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The Reunification of an American Family
 
 

I have been researching my family’s genealogy for more than a decade now, and I was completely shocked and elated to receive a picture of my Great-great-grandmother Laura, who was born around 1849. I look so much like her, yet our lives bear little resemblance. Archival records show that Laura Adkinson Campbell Singletary (G-G Laura) was born near Raleigh, North Carolina, yet she spent many years enslaved on a farm in Marion County, South Carolina, before the end of the Civil War.

 

G-G Laura, like more than two million other American-born enslaved people, was separated from her family by forced migration during the antebellum era in the US.  There is no indication that she saw her parents or her siblings ever again. Sadly, the story of forced separation has affected nearly every branch of my family tree, some branches for more than 150 years.

 

In 2017, after getting my DNA tested, I discovered nearly 350 biological cousins who were matches, of whom I only knew 1 person.  Within six months, the number of matches nearly doubled. Then, using a website that matches raw data across all DNA testing sites, that number has grown to include nearly 1700 people to whom I am related. Unfortunately, although we are biologically connected, we know very little about each other or the ancestors from whom we are descended, but I hope to change that.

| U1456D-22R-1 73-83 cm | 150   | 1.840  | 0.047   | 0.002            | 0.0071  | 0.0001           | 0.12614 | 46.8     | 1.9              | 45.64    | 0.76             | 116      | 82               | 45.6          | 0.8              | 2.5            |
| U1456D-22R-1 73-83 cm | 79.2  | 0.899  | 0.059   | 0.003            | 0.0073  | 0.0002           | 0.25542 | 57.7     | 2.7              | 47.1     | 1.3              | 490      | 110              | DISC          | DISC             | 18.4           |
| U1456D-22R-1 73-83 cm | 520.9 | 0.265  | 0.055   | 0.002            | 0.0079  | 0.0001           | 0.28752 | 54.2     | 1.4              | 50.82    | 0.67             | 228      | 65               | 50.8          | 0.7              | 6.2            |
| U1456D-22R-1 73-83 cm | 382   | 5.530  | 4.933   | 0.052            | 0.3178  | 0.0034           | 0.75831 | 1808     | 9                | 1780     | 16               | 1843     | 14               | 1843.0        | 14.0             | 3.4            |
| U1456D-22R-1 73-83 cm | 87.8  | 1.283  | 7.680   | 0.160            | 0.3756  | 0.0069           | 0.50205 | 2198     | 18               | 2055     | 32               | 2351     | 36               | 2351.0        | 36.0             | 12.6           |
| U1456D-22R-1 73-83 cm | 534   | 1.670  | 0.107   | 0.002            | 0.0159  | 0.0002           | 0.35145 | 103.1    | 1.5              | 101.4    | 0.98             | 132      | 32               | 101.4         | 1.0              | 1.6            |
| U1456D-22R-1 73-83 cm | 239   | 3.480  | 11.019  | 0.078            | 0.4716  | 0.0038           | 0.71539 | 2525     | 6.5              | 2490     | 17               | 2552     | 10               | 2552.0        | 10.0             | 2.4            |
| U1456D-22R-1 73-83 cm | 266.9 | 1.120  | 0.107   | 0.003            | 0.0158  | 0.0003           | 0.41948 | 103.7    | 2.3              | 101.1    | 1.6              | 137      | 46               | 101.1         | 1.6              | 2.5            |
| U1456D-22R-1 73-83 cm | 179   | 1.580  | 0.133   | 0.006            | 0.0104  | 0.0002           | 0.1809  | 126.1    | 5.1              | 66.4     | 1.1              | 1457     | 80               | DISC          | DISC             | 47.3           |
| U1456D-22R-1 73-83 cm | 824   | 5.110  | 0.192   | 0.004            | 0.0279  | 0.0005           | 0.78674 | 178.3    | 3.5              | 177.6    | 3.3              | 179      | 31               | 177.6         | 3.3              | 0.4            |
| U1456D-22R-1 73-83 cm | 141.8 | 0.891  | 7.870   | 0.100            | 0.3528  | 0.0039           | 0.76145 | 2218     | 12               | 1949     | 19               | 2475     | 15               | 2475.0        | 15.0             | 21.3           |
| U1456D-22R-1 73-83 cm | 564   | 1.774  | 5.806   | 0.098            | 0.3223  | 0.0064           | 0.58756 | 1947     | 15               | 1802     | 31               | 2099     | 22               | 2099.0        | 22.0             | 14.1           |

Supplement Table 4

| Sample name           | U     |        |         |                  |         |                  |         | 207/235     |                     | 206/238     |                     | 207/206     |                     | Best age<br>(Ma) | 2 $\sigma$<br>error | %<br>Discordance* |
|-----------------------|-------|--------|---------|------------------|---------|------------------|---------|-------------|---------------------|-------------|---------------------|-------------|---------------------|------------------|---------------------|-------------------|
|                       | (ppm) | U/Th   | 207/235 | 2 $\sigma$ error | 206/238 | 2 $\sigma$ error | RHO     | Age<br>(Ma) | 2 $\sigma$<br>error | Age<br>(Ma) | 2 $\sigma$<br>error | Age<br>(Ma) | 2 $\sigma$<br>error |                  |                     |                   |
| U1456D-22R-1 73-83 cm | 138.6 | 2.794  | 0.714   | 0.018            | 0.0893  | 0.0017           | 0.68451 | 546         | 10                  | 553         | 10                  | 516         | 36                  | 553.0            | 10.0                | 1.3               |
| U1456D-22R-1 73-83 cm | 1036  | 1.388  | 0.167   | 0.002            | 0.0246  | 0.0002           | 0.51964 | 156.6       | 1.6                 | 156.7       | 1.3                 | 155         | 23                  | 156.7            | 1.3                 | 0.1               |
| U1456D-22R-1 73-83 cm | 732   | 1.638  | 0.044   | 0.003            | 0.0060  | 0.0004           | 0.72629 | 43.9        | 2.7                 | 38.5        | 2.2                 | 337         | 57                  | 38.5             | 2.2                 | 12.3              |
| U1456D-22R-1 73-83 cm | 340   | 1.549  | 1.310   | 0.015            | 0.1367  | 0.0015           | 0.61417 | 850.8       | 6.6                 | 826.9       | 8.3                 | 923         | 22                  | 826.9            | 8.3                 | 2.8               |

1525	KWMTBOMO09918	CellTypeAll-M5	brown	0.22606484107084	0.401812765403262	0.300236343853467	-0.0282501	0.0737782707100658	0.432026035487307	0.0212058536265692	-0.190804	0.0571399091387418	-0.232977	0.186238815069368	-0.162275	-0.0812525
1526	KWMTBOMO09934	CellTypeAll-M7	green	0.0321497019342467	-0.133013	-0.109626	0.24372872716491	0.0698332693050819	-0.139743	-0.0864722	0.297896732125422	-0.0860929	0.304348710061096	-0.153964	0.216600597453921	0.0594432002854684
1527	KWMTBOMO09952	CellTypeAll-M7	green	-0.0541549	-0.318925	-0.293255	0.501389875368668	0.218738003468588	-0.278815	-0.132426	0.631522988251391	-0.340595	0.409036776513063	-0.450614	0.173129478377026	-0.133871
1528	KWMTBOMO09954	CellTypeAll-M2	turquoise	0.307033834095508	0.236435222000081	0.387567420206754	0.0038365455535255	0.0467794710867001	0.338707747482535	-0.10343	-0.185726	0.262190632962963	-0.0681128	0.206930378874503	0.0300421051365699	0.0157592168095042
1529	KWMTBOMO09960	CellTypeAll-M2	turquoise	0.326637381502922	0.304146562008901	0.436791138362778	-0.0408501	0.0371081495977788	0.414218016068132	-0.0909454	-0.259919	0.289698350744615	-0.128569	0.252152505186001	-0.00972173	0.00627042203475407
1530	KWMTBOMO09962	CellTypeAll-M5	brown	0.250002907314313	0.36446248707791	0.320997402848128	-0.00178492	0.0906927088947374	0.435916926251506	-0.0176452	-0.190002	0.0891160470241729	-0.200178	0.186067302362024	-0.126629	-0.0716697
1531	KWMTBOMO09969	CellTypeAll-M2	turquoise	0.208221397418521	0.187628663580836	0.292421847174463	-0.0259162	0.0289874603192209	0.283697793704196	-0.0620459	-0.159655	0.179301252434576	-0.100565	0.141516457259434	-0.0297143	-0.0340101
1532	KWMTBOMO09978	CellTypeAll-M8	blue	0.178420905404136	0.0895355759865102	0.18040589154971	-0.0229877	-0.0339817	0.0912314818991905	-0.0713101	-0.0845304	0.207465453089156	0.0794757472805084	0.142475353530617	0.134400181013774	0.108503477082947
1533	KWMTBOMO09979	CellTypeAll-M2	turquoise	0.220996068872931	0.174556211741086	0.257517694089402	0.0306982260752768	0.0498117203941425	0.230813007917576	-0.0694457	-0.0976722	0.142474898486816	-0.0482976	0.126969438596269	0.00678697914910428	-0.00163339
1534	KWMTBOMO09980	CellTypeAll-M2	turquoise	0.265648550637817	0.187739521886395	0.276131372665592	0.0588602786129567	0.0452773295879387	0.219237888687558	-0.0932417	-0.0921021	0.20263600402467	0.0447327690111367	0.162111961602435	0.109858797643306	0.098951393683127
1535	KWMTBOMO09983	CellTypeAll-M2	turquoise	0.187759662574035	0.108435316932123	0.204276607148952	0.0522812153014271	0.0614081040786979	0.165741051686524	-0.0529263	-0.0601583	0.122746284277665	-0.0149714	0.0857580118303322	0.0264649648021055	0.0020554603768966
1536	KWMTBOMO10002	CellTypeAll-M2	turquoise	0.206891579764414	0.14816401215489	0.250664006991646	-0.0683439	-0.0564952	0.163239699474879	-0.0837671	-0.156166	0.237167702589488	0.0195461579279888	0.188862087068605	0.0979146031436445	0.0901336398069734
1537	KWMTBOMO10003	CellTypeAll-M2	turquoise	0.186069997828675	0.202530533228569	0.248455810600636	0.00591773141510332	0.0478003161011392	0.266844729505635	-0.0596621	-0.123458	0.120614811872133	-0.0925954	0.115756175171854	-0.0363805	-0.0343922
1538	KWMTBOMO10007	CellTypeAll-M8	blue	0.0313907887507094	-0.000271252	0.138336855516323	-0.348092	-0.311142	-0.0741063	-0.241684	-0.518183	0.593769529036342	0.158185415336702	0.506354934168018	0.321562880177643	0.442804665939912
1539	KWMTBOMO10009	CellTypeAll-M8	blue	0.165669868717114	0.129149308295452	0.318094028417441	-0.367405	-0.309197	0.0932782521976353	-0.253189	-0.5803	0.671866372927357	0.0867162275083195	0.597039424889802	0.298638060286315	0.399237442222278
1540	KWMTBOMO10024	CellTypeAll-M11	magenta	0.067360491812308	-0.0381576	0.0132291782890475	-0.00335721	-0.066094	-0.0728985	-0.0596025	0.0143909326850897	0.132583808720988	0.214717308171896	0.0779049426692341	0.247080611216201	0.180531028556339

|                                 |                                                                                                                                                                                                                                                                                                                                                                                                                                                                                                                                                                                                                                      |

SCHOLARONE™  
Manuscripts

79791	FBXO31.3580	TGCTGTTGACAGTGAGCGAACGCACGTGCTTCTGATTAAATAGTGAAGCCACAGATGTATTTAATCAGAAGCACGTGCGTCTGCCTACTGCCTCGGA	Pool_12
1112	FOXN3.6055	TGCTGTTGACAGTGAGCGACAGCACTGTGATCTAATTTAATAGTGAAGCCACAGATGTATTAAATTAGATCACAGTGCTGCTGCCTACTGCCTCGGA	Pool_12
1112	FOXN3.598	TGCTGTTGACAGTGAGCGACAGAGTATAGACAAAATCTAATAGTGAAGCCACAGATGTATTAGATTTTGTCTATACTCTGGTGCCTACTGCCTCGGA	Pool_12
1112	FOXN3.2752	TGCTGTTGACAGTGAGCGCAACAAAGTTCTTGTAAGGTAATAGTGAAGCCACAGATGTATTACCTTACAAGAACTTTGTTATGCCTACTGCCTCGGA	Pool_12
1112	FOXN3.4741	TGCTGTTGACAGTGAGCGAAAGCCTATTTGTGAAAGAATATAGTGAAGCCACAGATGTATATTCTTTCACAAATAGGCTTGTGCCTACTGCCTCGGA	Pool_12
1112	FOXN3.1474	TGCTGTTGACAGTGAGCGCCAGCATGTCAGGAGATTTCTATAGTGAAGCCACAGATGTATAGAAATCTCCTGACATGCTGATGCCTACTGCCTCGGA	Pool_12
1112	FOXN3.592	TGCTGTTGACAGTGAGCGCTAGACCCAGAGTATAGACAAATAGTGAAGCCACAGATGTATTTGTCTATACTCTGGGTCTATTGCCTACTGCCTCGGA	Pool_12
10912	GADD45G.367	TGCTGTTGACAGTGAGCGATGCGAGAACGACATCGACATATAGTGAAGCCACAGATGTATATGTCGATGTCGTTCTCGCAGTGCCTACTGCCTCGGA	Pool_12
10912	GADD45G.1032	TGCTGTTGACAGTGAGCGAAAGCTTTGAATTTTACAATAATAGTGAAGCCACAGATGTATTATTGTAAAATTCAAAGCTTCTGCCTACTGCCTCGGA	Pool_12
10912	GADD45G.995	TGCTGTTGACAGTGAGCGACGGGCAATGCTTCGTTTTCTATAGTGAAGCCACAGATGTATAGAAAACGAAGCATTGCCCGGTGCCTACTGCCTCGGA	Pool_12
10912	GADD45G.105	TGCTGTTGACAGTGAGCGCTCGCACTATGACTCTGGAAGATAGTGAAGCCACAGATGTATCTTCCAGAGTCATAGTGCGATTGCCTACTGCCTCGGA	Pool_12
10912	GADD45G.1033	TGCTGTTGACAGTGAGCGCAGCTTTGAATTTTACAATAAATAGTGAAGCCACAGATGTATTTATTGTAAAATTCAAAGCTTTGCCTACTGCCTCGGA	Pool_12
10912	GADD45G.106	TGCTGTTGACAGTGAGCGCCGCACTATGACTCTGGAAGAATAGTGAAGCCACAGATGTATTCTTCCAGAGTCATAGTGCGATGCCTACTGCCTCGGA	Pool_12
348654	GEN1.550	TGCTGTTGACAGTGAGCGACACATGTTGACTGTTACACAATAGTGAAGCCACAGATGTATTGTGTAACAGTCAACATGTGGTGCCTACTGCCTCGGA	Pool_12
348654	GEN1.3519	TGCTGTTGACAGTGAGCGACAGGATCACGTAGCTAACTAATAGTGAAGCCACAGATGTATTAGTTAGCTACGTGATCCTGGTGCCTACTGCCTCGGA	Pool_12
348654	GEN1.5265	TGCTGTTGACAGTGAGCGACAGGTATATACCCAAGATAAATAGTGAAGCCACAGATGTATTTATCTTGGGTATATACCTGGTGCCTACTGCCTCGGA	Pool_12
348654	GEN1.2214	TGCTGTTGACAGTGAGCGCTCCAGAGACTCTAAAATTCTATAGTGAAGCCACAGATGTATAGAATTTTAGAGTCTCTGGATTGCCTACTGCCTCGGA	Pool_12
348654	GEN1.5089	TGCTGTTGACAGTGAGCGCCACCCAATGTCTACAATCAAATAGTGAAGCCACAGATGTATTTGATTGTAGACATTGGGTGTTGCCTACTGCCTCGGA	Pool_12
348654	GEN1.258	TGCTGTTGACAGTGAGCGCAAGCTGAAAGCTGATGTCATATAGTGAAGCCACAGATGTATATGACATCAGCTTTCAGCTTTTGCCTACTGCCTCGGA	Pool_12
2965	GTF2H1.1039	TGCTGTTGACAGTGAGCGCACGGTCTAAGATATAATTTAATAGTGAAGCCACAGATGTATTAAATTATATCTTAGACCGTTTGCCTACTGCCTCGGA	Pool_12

At the end of the Civil War in 1865, many newly emancipated people tried desperately to reunite their families.  Some even placed information wanted ads in black-owned newspapers across the country looking for the whereabouts of their next of kin.  During the years of Reconstruction, the Freedmen’s Bureau aided in the effort to help formerly enslaved people reunite their families, but in 1872, the US Congress, which included many former slaveholders, defunded the Freedmen’s Bureau -- only 7 years after its inception. It was not nearly the time needed to help families that had been forcibly separated for generations to restore their families. From 1872 until today, the federal government has made no other efforts to reunite families that were forcibly separated by US slavery.